Coastal ecosystems

The Isaac Regional coastline is home to vast array of marine and coastal habitats that support the ecology and growth of the Great Barrier reef.  

The following shallow coastal habitats are found within the Isaac Regions coastal area: 

  • Coral reefs 
  • Rock foreshores and bays 
  • Salt flats  
  • Sandy beaches and bays 
  • Mangrove forests 
  • Muddy bays 
  • Saltmarsh 
  • Seagrass beds 
  • And estuarine habitats  

The relationships between these habitats are the fundamental building blocks for our coastal ecosystem and are all vitally important in sustaining marine life that build and maintain the Great Barrier Reef.  

Many of the fish and crustacean species found on the outer reef start their life nearer to the coast in our mangroves, salt marshes and seagrasses. The vegetative marine habitats provide tight spaces between the roots and leaves creating a safe nursery for species to lay their eggs. These habitats contribute largely to both herbivorous and carnivorous diets important for early development and help feed other larger species. Threatened species such as dugongs and marine turtles also come in when the tide is high to graze on the seagrass beds and use the shallow coastline for shelter and a safe space to breed. 

The Isaac Coast hosts many other marine species, some of which are dangerous to touch or aggravate. Our shallow coastal areas are home to 6 major groups of coastal stingers that can harm or be fatal to humans; Jellyfish, Sting Rays, Cone Snails, Blue Ringed Octopus, Stone fish and Sea Urchins. These species can be found in intertidal areas along our coast in rock pools and in shallow water. Although they may be dangerous to encounter, they all serve vital roles in the food chain and to our ecosystem so it’s best to be respectful and careful when visiting their habitats to avoid injury.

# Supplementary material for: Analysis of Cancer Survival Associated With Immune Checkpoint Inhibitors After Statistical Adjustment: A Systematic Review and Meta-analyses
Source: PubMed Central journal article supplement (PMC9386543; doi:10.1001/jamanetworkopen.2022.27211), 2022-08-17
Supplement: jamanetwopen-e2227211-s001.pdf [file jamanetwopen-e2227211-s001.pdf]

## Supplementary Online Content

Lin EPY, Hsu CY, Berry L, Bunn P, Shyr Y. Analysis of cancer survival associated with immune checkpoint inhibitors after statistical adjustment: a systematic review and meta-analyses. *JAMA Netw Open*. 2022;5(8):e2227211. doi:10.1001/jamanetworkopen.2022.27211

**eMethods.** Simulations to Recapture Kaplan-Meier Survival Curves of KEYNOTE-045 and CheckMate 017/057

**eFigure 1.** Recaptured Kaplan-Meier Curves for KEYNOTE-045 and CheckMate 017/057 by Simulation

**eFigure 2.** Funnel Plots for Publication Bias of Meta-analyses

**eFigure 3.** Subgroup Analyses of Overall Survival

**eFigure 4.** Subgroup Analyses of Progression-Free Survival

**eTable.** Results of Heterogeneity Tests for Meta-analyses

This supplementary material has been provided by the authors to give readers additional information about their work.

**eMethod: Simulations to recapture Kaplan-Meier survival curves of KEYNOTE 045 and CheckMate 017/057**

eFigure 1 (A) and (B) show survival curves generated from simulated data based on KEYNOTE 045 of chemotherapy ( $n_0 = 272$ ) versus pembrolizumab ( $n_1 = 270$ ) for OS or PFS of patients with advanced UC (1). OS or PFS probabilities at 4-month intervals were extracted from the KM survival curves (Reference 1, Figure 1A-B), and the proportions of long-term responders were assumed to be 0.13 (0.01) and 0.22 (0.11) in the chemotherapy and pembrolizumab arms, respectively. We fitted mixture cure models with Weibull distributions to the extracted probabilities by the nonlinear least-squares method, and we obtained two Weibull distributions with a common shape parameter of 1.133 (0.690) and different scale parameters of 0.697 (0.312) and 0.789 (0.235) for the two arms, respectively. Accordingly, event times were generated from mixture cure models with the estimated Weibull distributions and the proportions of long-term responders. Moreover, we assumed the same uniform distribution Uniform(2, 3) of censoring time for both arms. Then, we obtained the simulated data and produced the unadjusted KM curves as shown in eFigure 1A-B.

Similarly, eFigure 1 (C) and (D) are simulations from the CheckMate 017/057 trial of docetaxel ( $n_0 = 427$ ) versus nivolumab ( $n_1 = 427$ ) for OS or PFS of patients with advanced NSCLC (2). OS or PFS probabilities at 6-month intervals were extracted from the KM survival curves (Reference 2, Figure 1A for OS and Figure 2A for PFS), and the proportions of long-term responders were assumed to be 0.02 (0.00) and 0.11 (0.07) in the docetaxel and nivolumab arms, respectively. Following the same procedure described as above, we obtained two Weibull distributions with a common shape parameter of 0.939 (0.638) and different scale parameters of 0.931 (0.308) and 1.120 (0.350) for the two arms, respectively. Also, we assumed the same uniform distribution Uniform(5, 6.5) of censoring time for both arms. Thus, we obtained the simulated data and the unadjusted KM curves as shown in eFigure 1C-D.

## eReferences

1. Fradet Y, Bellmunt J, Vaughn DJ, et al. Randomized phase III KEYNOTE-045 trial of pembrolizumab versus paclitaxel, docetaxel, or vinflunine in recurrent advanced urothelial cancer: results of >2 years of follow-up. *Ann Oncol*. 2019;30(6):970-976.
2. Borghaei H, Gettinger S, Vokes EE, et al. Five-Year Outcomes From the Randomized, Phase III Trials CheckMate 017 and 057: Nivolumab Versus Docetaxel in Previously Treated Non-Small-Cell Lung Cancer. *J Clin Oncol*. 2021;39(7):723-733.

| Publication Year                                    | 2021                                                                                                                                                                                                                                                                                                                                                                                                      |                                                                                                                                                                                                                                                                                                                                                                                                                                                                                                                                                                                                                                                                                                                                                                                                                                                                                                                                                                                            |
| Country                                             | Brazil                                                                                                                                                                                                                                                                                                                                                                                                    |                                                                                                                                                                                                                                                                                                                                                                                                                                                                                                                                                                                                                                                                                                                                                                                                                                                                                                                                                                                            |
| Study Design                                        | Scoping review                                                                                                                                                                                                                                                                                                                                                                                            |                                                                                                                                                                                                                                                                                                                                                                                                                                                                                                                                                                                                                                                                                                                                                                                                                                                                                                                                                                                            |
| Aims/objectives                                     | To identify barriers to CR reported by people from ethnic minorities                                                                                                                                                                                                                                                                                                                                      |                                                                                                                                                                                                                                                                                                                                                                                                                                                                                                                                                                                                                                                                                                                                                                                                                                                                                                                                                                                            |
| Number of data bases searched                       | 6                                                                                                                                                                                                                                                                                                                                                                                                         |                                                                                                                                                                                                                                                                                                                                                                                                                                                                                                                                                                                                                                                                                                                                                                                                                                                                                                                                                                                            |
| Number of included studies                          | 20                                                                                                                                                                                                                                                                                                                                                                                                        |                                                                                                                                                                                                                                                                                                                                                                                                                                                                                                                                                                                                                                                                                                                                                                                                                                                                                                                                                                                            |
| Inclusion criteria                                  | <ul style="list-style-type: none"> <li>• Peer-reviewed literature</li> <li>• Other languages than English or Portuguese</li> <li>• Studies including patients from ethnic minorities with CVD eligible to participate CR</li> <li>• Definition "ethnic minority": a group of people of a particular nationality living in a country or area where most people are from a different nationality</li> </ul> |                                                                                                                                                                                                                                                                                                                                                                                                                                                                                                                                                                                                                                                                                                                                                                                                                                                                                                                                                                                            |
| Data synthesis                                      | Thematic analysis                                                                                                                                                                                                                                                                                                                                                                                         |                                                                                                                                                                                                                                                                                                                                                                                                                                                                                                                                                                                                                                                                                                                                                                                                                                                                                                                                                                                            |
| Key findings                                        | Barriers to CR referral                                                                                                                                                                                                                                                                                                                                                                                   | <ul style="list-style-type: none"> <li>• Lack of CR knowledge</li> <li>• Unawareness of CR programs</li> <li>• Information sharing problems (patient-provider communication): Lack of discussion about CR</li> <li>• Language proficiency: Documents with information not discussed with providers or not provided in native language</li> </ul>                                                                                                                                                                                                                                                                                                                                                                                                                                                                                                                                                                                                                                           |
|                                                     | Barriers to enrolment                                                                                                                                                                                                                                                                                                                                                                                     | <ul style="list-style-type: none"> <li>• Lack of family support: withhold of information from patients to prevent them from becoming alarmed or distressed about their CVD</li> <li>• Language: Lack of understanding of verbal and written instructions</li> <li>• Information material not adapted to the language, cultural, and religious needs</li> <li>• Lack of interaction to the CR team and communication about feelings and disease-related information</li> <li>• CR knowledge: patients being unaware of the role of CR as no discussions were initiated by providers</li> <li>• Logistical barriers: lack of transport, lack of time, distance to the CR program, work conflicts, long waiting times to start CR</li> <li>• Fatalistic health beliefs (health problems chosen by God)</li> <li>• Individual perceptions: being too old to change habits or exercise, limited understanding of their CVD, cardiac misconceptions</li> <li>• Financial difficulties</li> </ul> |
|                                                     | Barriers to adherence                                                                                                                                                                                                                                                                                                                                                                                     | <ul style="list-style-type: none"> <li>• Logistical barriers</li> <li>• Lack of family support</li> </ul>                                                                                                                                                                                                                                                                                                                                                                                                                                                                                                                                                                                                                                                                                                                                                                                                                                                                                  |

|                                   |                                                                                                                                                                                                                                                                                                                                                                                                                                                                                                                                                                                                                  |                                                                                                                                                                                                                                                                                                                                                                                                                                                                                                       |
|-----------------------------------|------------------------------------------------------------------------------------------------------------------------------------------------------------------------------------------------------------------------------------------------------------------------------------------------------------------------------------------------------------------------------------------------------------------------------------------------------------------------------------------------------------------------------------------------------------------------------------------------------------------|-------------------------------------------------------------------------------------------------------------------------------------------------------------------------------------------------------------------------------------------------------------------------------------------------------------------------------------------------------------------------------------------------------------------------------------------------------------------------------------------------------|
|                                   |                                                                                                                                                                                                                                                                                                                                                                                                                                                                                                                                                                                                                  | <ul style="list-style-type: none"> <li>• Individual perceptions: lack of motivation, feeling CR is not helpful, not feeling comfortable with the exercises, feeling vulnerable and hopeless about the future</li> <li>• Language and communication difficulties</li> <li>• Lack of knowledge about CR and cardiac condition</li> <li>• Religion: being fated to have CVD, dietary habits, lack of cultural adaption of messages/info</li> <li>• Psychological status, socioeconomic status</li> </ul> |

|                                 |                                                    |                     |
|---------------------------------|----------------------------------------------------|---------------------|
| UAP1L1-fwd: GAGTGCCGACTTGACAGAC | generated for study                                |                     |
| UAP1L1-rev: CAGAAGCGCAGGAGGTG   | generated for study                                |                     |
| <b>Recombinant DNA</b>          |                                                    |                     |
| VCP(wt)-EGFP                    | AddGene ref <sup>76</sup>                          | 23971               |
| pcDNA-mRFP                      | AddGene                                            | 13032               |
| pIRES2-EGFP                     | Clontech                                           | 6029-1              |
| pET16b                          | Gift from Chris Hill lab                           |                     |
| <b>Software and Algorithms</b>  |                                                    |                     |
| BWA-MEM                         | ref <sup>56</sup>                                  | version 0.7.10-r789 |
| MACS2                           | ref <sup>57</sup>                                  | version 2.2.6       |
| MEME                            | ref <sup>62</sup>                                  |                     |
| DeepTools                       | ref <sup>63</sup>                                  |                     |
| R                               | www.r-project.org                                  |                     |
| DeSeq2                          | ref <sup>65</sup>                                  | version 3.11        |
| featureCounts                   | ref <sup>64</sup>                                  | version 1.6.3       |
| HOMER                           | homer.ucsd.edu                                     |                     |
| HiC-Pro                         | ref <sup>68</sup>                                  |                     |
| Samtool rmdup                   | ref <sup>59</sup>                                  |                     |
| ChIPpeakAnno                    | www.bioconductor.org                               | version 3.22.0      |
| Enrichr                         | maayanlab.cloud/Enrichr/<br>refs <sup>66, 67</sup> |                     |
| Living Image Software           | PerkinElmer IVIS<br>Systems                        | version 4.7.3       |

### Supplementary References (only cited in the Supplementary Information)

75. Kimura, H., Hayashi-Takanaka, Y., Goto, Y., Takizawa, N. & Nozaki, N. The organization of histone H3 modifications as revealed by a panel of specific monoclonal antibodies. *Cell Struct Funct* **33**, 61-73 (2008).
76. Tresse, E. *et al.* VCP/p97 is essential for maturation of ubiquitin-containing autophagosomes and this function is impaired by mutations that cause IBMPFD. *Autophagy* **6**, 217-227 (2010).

Our coastal ecosystems aren’t just important to our marine life but also to the wellbeing of our planet. Mangroves, mudflats, seagrass and saltmarsh all act as something known as carbon sinks, which is where carbon is cycled from the atmosphere and surrounding environment and gets locked up in these habitats as blue carbon (marine locked carbon).  Compared to terrestrial forests, blue carbon can be sequestered at a much faster rate and can be stored for longer. These ecosystems act as carbon offsets and reduce the impact that CO2 can have when released into the atmosphere.

In larger weathering events, coral reefs and mangrove ecosystems also become an effective buffer between the ocean and the mainland, reducing the impact of severe storms and coastal flooding. This is vital for the safety of our coastal communities and the future of agriculture.   

On an economic scale our coastal ecosystem plays a large role for our fisheries and tourism industry. 75% of commercially caught fish and crustaceans develop in mangrove nurseries, hence our mangrove ecosystems help provide jobs throughout Queensland. Also, our well-preserved beaches, reef, and marine vegetation aid our tourism industry, by supporting biodiversity in the Great Barrier Reef Marine Park and encouraging key species closer to the shoreline for travellers to experience.  

Some of the fun ways you can experience Isaac’s coastal habitats is by visiting some of our coastal communities, see the reef by boat or by joining coastal volunteer projects. Just remember when visiting beaches and rockpools it is important to respect all wild animals and practice Beach Safety. If you would like to learn more about what is happening in the local area to help preserve our ecosystem visit the Get Involved page for more information.